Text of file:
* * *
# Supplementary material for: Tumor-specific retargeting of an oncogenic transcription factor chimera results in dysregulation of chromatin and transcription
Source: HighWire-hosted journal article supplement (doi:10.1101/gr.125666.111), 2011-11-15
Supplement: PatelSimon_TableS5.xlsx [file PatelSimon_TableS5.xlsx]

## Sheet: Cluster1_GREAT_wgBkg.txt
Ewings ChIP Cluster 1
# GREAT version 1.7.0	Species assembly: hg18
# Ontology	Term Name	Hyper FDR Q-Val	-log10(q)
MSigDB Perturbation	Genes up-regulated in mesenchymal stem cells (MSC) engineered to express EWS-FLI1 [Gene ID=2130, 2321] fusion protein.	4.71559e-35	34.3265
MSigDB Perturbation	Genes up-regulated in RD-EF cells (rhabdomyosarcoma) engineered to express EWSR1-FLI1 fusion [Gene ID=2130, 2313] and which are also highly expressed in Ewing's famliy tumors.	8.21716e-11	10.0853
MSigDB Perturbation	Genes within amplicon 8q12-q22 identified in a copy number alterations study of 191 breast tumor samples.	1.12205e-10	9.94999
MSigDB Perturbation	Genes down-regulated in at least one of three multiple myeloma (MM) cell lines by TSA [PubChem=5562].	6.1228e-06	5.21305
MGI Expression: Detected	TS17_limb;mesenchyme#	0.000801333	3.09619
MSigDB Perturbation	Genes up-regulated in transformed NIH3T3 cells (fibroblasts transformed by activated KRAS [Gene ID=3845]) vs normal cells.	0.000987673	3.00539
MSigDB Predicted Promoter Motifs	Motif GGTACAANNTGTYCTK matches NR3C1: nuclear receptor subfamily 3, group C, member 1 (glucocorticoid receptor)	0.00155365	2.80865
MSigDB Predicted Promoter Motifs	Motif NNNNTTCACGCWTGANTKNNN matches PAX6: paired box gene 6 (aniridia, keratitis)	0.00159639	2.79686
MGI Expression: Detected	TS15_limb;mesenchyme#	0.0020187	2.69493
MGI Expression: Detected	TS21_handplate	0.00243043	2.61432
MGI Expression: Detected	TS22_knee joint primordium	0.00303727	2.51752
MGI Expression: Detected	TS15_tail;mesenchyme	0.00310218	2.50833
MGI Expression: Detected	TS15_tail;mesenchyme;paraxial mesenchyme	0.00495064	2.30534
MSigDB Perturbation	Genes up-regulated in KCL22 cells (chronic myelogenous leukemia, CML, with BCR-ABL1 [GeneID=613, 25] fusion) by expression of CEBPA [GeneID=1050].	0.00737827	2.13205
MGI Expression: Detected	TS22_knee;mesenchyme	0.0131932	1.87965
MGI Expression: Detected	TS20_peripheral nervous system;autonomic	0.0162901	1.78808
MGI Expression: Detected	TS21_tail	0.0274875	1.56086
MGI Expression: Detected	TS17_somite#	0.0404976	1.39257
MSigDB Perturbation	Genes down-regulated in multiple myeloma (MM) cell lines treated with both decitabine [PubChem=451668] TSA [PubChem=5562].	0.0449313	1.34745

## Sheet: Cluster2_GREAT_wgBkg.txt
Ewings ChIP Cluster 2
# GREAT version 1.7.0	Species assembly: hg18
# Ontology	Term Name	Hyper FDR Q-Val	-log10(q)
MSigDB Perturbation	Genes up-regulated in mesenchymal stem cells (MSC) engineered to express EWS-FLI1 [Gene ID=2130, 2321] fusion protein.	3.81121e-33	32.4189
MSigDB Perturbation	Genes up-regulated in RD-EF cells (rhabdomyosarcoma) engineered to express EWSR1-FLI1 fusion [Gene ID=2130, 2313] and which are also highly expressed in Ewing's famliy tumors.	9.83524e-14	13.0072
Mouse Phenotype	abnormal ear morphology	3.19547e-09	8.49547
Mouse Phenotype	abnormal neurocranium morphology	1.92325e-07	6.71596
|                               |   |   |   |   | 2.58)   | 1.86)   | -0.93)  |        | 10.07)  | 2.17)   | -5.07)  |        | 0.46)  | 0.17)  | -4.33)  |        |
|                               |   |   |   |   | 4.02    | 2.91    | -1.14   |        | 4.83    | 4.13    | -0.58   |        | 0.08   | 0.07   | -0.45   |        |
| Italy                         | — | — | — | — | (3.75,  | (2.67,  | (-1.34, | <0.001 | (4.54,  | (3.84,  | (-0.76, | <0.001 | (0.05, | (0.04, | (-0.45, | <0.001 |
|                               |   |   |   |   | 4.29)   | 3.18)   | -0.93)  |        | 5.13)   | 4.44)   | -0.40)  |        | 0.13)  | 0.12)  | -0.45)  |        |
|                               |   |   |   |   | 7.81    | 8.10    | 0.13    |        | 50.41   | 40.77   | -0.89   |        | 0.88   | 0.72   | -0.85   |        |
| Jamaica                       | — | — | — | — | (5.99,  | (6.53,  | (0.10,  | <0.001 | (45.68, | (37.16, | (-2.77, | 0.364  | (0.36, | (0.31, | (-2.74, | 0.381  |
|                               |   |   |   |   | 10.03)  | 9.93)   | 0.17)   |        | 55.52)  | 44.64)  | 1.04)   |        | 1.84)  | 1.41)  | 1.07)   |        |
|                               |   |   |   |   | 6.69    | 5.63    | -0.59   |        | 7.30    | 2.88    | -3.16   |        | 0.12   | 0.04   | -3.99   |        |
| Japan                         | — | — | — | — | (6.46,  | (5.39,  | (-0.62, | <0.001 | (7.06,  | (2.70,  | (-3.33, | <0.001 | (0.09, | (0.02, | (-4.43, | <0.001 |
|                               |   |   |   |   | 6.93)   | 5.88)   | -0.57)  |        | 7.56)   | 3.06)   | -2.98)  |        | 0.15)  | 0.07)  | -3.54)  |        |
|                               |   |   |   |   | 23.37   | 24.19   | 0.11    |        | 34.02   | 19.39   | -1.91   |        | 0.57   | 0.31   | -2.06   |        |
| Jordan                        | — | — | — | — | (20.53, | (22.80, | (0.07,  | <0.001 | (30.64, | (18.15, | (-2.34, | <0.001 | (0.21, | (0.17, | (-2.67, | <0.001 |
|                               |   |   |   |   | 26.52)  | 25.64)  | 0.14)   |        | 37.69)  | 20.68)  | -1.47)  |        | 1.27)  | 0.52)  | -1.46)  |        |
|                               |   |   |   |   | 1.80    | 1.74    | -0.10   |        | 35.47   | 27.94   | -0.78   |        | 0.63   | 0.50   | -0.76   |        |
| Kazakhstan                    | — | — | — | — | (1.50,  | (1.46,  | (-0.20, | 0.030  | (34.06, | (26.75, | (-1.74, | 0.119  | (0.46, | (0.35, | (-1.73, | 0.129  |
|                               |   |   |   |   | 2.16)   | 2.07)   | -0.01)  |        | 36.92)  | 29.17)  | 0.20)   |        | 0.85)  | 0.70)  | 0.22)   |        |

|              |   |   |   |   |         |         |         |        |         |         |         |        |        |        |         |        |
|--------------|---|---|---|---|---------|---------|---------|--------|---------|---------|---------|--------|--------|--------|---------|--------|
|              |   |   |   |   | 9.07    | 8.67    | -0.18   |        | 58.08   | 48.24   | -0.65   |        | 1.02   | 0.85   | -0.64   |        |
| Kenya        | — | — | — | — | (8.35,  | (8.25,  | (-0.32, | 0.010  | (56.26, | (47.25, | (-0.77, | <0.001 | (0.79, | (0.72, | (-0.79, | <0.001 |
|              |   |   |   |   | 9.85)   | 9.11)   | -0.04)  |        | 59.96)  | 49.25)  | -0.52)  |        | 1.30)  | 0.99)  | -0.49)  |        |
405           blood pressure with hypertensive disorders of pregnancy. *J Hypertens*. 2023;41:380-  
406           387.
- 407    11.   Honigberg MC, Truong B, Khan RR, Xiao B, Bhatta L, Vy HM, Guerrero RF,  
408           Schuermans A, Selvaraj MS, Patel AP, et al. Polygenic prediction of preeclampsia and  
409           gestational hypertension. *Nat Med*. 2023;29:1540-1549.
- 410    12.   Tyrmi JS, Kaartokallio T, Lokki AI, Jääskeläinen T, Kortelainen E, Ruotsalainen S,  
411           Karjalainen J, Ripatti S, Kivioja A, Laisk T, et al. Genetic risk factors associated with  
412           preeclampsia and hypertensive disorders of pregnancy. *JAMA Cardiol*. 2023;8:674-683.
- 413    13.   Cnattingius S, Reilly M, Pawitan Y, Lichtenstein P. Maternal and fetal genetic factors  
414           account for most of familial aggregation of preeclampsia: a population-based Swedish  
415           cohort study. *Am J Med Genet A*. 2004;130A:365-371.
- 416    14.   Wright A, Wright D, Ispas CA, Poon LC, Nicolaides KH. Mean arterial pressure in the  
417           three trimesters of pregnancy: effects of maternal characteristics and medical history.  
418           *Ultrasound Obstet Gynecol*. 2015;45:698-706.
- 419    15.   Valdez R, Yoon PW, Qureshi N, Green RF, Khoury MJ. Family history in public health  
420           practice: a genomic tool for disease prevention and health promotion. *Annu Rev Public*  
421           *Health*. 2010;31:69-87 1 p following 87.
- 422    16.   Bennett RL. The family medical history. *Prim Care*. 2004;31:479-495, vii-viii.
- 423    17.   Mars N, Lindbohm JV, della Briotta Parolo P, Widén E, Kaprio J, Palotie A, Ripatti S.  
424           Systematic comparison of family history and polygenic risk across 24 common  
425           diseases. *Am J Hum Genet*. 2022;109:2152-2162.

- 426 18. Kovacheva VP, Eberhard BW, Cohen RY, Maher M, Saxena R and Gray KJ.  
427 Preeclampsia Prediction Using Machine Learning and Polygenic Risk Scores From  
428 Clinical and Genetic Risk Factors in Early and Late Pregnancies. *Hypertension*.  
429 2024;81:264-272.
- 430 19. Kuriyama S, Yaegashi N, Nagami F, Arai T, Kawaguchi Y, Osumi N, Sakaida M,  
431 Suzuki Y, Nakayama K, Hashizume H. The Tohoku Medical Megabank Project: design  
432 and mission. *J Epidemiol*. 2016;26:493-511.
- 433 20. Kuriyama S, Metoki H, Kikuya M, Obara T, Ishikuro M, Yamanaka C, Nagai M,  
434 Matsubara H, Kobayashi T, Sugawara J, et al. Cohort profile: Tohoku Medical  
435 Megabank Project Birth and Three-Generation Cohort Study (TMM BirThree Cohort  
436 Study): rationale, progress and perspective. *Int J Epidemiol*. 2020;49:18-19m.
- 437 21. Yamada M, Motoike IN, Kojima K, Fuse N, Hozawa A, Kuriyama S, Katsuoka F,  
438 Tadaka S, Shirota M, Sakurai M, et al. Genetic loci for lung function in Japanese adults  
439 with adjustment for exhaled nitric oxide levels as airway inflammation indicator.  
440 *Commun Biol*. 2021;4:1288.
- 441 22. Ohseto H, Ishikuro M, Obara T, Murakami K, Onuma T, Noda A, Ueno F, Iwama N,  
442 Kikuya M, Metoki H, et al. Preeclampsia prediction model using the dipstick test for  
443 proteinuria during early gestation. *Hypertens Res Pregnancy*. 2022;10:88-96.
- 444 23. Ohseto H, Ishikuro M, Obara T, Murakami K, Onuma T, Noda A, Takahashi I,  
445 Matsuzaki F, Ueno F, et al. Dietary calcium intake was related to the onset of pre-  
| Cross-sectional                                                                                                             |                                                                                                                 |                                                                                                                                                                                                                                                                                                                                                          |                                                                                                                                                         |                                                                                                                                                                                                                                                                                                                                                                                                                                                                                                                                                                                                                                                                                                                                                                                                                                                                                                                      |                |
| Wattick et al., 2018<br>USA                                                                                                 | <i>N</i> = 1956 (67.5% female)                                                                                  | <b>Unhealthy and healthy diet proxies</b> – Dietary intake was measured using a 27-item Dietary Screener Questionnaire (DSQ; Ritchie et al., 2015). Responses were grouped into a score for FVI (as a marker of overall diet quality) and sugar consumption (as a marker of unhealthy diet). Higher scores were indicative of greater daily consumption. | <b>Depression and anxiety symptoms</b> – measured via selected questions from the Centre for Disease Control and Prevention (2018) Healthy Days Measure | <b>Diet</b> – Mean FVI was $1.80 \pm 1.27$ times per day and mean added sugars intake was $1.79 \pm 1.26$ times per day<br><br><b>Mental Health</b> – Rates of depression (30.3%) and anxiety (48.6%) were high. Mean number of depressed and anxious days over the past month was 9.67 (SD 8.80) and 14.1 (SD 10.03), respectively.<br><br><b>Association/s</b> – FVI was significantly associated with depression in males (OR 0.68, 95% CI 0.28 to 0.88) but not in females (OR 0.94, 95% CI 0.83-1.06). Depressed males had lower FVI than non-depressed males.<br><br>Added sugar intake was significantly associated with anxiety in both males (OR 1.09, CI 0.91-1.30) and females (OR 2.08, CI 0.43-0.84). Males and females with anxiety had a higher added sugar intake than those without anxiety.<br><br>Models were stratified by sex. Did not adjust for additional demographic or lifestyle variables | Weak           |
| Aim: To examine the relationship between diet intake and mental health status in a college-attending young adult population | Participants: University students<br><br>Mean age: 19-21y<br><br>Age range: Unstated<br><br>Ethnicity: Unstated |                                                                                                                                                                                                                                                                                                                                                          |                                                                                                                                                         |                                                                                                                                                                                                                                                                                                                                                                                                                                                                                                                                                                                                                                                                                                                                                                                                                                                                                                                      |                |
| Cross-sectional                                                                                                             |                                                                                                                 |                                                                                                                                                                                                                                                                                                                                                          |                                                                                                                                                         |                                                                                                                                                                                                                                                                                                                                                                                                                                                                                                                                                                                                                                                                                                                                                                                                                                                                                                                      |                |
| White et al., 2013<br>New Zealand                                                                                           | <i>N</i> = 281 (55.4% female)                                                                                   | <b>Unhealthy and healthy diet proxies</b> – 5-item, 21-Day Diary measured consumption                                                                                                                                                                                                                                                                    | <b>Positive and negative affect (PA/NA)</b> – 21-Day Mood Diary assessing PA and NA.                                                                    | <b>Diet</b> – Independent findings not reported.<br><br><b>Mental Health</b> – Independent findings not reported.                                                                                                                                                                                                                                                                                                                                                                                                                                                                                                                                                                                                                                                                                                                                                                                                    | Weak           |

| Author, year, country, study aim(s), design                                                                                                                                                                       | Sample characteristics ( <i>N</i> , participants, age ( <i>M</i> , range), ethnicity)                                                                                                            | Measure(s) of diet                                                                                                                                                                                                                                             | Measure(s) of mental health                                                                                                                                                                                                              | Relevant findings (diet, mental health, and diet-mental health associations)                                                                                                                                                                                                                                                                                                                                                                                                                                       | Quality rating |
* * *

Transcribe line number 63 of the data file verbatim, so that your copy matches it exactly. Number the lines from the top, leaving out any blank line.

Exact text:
412           preeclampsia and hypertensive disorders of pregnancy. *JAMA Cardiol*. 2023;8:674-683.